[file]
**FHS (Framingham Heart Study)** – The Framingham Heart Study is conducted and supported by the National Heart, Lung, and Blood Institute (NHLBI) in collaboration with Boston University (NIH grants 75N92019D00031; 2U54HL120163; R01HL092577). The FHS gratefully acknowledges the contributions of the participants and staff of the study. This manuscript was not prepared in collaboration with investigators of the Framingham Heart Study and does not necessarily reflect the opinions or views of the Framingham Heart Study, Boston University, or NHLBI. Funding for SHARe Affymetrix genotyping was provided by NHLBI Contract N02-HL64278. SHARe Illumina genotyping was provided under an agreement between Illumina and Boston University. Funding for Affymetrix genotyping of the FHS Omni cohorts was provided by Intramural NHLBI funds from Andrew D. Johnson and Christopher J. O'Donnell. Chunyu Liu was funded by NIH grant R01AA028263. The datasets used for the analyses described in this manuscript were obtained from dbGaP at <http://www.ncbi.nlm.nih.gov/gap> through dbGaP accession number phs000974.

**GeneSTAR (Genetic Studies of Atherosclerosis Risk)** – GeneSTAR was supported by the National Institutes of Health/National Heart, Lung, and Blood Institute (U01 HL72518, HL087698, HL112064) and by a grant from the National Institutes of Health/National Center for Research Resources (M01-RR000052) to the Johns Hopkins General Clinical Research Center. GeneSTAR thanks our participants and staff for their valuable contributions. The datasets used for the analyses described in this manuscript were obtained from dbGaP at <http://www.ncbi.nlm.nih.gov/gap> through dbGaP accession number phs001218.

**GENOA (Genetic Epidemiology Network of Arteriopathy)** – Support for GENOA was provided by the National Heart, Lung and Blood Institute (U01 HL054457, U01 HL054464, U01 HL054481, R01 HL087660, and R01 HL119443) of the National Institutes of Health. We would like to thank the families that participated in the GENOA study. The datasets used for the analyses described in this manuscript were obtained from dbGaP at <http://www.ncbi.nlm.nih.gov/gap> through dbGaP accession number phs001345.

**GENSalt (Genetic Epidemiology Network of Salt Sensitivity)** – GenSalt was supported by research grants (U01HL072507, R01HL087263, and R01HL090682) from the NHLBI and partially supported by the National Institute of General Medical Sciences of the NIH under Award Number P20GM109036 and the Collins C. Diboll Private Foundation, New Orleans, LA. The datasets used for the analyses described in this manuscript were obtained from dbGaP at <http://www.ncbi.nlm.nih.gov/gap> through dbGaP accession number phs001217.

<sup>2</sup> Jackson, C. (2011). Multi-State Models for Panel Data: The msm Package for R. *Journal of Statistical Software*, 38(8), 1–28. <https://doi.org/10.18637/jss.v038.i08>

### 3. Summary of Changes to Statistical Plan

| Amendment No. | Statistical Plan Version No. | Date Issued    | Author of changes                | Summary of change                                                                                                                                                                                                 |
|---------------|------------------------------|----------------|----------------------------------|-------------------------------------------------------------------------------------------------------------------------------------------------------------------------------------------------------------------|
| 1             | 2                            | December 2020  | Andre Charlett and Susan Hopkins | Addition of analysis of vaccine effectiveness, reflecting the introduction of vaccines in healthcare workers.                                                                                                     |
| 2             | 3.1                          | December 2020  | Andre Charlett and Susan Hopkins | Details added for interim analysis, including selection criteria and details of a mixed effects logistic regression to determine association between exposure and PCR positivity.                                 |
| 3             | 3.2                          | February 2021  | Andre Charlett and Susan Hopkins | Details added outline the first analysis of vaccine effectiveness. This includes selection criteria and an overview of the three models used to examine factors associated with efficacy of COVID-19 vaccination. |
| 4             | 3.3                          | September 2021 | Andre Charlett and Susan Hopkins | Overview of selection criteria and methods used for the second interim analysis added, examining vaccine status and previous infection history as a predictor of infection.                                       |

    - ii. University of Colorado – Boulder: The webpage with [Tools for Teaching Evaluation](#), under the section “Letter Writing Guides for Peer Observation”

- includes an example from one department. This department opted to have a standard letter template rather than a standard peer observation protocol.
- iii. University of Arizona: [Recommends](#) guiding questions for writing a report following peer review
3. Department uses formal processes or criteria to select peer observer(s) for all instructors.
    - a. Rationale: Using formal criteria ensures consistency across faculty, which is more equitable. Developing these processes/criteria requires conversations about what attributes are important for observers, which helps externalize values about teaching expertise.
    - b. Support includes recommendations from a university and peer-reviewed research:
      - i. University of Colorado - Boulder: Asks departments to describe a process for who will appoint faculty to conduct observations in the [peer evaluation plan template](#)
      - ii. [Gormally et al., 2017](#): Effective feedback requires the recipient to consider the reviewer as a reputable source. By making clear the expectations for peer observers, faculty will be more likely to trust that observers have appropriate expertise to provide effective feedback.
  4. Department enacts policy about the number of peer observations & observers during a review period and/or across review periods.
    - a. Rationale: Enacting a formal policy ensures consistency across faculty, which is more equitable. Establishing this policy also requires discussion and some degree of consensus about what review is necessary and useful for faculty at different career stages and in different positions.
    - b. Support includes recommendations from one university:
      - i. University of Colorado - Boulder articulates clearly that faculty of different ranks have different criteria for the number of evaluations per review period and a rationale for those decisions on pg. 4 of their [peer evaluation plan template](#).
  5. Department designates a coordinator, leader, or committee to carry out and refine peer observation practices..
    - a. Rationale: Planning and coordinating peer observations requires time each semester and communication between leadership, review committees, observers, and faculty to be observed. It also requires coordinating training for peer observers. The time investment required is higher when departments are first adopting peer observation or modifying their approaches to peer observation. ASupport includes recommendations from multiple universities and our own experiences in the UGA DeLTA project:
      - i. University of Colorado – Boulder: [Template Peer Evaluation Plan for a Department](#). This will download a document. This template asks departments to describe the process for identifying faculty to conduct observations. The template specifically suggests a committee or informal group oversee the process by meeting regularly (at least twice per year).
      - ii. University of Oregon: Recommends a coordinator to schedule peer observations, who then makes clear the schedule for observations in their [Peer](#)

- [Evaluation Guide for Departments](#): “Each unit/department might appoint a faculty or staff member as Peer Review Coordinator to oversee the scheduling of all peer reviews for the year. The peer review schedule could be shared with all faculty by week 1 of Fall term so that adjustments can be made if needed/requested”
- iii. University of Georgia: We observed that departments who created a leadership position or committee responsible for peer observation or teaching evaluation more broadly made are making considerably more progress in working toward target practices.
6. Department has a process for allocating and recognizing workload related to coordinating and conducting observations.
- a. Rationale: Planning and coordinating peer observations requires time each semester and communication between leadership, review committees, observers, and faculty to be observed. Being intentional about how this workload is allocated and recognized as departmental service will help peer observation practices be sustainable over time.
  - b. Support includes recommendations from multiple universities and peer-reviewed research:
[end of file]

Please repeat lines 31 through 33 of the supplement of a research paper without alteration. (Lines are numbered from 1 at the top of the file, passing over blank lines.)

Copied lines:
6. Department has a process for allocating and recognizing workload related to coordinating and conducting observations.
- a. Rationale: Planning and coordinating peer observations requires time each semester and communication between leadership, review committees, observers, and faculty to be observed. Being intentional about how this workload is allocated and recognized as departmental service will help peer observation practices be sustainable over time.
  - b. Support includes recommendations from multiple universities and peer-reviewed research: